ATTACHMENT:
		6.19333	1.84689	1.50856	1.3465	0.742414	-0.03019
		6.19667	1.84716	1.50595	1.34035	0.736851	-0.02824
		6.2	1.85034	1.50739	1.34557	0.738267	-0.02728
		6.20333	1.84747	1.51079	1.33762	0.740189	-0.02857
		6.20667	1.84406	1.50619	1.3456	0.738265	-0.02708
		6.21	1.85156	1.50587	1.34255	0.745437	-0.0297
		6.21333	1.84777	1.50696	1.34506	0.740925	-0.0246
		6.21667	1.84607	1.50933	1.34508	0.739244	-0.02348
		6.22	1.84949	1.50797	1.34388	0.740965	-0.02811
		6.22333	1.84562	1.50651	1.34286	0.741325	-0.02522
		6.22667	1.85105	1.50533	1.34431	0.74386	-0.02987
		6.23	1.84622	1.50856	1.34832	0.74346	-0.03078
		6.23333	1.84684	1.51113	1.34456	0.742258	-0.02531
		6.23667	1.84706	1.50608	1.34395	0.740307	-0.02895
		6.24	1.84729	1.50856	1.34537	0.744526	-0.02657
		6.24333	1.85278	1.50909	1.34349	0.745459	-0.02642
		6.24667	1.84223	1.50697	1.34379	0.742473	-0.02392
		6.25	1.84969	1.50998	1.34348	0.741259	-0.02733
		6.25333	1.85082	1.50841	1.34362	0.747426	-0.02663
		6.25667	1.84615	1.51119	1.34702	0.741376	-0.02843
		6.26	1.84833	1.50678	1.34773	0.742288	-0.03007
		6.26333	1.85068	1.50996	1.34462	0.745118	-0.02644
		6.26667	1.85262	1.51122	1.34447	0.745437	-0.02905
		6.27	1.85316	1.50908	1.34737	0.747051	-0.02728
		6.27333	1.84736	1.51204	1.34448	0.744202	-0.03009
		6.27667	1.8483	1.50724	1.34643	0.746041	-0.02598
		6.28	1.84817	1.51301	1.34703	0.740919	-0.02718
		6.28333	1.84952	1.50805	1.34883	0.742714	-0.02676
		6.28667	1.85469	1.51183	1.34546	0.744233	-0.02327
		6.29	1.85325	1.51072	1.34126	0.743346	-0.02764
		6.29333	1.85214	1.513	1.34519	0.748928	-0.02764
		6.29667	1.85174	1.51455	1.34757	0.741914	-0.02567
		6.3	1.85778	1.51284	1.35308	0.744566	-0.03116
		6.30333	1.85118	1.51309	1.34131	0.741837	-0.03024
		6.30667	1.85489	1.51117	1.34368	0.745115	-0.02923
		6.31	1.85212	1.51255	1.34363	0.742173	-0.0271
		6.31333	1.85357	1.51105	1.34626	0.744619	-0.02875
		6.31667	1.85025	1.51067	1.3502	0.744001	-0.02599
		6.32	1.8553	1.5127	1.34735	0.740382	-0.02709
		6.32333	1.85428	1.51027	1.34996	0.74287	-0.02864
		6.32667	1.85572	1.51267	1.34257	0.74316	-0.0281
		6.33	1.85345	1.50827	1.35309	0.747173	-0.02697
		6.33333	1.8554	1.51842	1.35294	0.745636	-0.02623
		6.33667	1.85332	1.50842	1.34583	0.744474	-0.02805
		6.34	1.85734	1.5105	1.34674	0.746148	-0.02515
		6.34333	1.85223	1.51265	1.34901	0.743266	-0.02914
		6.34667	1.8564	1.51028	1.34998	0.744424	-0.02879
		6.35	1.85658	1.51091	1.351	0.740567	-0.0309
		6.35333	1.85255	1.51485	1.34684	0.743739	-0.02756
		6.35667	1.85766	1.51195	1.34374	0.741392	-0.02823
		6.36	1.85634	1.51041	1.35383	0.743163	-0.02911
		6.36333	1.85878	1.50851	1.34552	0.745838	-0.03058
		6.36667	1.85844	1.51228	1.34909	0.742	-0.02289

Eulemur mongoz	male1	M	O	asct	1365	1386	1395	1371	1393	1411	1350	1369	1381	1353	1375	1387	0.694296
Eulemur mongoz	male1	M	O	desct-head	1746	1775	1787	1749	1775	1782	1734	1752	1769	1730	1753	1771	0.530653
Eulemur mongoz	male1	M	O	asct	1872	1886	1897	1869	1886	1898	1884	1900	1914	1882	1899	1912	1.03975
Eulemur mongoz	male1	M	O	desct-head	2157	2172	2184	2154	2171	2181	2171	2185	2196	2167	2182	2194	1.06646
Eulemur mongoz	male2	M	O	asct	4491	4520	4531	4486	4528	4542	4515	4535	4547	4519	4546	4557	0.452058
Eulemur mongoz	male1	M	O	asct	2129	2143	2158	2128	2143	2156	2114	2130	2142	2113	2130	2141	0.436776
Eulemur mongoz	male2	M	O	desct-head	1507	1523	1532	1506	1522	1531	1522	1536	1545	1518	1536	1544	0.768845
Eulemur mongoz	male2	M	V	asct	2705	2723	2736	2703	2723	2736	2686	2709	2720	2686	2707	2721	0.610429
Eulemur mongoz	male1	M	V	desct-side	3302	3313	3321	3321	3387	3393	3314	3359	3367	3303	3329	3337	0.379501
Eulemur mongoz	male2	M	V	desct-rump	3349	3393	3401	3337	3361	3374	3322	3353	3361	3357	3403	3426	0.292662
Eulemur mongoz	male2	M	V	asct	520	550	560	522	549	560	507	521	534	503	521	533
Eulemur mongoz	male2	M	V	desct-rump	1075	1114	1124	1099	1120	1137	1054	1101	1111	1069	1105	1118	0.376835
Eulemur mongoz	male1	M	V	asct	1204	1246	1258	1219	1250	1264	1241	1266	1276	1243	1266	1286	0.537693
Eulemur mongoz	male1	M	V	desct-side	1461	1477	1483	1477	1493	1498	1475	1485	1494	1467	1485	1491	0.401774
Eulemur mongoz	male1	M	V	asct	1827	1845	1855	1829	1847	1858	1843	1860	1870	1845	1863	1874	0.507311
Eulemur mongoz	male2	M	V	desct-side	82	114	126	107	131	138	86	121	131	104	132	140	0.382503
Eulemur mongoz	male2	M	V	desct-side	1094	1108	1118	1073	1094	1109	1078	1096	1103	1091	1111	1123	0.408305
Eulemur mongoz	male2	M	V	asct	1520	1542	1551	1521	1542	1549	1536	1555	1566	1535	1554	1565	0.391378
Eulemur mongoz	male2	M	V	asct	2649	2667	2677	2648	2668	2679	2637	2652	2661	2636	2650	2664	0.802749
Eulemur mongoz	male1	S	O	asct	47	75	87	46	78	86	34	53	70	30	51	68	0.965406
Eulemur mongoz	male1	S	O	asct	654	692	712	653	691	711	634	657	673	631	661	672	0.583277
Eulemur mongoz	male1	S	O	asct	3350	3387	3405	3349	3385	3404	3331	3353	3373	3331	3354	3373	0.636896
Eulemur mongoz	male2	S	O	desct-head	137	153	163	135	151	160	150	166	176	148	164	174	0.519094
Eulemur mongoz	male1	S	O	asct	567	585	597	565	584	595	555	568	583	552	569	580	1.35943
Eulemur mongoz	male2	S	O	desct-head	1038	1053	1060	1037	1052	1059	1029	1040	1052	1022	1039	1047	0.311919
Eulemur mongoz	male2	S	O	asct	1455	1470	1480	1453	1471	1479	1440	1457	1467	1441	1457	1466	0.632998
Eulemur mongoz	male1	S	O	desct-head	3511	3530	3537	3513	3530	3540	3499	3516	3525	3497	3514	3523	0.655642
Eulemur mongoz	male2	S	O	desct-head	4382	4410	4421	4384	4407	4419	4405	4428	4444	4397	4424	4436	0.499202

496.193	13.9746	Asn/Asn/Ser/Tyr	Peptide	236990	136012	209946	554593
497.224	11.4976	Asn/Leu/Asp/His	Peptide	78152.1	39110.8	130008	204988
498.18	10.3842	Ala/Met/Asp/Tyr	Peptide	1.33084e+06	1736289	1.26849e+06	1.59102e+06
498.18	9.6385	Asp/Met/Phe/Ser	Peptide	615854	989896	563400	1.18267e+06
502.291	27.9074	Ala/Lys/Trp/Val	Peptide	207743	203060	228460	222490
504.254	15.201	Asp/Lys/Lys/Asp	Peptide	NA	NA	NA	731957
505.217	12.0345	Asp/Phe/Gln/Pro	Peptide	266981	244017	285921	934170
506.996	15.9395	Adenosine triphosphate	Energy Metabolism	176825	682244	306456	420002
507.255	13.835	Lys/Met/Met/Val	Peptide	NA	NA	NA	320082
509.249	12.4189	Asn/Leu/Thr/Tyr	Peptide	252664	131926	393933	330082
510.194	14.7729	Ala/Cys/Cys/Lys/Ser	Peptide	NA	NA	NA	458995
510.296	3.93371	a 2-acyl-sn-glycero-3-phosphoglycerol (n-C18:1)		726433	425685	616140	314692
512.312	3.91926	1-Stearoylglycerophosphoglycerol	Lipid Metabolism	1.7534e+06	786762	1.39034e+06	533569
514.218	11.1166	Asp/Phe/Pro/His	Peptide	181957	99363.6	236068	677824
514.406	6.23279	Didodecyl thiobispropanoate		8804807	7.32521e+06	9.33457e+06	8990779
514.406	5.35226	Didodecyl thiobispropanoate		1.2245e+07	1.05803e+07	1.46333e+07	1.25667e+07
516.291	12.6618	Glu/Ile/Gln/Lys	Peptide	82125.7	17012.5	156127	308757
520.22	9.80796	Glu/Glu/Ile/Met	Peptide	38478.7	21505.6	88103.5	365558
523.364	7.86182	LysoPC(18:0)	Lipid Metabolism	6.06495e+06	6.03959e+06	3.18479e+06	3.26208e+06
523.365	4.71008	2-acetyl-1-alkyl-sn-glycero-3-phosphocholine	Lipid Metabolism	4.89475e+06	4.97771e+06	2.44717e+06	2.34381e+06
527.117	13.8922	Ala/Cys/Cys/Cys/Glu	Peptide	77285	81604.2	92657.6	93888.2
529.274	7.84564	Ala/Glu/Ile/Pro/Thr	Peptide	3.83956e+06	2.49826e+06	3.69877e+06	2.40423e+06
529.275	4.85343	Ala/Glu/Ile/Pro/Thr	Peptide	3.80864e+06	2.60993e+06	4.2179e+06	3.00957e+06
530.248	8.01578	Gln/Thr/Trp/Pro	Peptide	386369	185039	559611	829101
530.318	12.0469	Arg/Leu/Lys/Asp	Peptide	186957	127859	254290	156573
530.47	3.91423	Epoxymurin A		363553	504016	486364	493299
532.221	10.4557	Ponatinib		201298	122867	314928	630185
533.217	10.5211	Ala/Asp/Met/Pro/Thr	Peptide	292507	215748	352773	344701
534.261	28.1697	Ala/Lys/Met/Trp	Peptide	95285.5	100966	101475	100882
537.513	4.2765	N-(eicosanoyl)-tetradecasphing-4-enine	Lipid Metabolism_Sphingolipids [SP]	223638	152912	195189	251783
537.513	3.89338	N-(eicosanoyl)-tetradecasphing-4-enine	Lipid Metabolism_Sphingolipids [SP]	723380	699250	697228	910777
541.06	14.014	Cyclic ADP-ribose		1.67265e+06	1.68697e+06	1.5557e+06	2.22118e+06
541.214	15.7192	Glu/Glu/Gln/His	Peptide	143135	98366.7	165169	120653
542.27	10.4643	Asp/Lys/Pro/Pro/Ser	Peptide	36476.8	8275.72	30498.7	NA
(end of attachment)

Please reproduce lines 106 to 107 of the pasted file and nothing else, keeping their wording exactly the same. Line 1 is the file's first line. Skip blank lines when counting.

530.318	12.0469	Arg/Leu/Lys/Asp	Peptide	186957	127859	254290	156573
530.47	3.91423	Epoxymurin A		363553	504016	486364	493299